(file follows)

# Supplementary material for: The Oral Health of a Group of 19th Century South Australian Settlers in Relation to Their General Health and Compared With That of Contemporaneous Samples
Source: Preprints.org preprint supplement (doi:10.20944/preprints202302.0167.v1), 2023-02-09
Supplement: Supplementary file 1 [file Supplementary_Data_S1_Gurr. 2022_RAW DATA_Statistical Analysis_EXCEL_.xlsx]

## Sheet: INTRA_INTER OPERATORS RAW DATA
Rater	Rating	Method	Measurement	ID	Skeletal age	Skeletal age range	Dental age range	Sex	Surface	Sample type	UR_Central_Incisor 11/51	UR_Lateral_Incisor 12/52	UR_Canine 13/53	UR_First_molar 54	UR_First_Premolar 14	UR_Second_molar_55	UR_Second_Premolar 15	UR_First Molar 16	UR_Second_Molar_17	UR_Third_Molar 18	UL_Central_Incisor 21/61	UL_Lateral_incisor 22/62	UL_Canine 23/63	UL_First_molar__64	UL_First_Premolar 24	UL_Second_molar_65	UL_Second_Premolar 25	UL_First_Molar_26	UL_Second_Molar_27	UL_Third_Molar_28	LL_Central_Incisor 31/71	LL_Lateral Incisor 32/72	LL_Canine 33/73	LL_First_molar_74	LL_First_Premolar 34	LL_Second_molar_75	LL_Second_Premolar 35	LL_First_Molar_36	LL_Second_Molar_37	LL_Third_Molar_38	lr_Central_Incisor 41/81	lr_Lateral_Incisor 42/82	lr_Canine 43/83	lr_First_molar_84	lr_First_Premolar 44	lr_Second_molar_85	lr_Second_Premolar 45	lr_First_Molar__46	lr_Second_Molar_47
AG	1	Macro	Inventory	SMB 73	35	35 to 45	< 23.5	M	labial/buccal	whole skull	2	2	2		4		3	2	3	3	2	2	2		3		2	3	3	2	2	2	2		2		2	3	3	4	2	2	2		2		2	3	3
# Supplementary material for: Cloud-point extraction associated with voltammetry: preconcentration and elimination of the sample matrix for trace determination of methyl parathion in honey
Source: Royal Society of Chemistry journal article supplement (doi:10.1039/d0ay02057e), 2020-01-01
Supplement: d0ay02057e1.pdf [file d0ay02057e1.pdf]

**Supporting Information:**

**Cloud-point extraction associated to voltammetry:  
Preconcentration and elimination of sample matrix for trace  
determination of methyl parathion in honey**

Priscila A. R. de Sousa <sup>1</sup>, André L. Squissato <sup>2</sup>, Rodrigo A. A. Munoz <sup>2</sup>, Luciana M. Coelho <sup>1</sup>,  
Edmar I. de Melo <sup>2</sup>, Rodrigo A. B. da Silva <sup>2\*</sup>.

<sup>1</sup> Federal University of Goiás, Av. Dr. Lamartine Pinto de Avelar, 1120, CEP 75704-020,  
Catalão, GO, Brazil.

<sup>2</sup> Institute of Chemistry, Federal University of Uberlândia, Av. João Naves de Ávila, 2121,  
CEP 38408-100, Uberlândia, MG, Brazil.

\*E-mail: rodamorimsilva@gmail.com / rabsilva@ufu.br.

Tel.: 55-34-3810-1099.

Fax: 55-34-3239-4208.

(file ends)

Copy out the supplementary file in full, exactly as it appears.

# Supplementary material for: The Oral Health of a Group of 19th Century South Australian Settlers in Relation to Their General Health and Compared With That of Contemporaneous Samples
Source: Preprints.org preprint supplement (doi:10.20944/preprints202302.0167.v1), 2023-02-09
Supplement: Supplementary file 1 [file Supplementary_Data_S1_Gurr. 2022_RAW DATA_Statistical Analysis_EXCEL_.xlsx]

## Sheet: INTRA_INTER OPERATORS RAW DATA
Rater	Rating	Method	Measurement	ID	Skeletal age	Skeletal age range	Dental age range	Sex	Surface	Sample type	UR_Central_Incisor 11/51	UR_Lateral_Incisor 12/52	UR_Canine 13/53	UR_First_molar 54	UR_First_Premolar 14	UR_Second_molar_55	UR_Second_Premolar 15	UR_First Molar 16	UR_Second_Molar_17	UR_Third_Molar 18	UL_Central_Incisor 21/61	UL_Lateral_incisor 22/62	UL_Canine 23/63	UL_First_molar__64	UL_First_Premolar 24	UL_Second_molar_65	UL_Second_Premolar 25	UL_First_Molar_26	UL_Second_Molar_27	UL_Third_Molar_28	LL_Central_Incisor 31/71	LL_Lateral Incisor 32/72	LL_Canine 33/73	LL_First_molar_74	LL_First_Premolar 34	LL_Second_molar_75	LL_Second_Premolar 35	LL_First_Molar_36	LL_Second_Molar_37	LL_Third_Molar_38	lr_Central_Incisor 41/81	lr_Lateral_Incisor 42/82	lr_Canine 43/83	lr_First_molar_84	lr_First_Premolar 44	lr_Second_molar_85	lr_Second_Premolar 45	lr_First_Molar__46	lr_Second_Molar_47
AG	1	Macro	Inventory	SMB 73	35	35 to 45	< 23.5	M	labial/buccal	whole skull	2	2	2		4		3	2	3	3	2	2	2		3		2	3	3	2	2	2	2		2		2	3	3	4	2	2	2		2		2	3	3
# Supplementary material for: Cloud-point extraction associated with voltammetry: preconcentration and elimination of the sample matrix for trace determination of methyl parathion in honey
Source: Royal Society of Chemistry journal article supplement (doi:10.1039/d0ay02057e), 2020-01-01
Supplement: d0ay02057e1.pdf [file d0ay02057e1.pdf]

**Supporting Information:**

**Cloud-point extraction associated to voltammetry:  
Preconcentration and elimination of sample matrix for trace  
determination of methyl parathion in honey**

Priscila A. R. de Sousa <sup>1</sup>, André L. Squissato <sup>2</sup>, Rodrigo A. A. Munoz <sup>2</sup>, Luciana M. Coelho <sup>1</sup>,  
Edmar I. de Melo <sup>2</sup>, Rodrigo A. B. da Silva <sup>2\*</sup>.

<sup>1</sup> Federal University of Goiás, Av. Dr. Lamartine Pinto de Avelar, 1120, CEP 75704-020,  
Catalão, GO, Brazil.

<sup>2</sup> Institute of Chemistry, Federal University of Uberlândia, Av. João Naves de Ávila, 2121,  
CEP 38408-100, Uberlândia, MG, Brazil.

\*E-mail: rodamorimsilva@gmail.com / rabsilva@ufu.br.

Tel.: 55-34-3810-1099.

Fax: 55-34-3239-4208.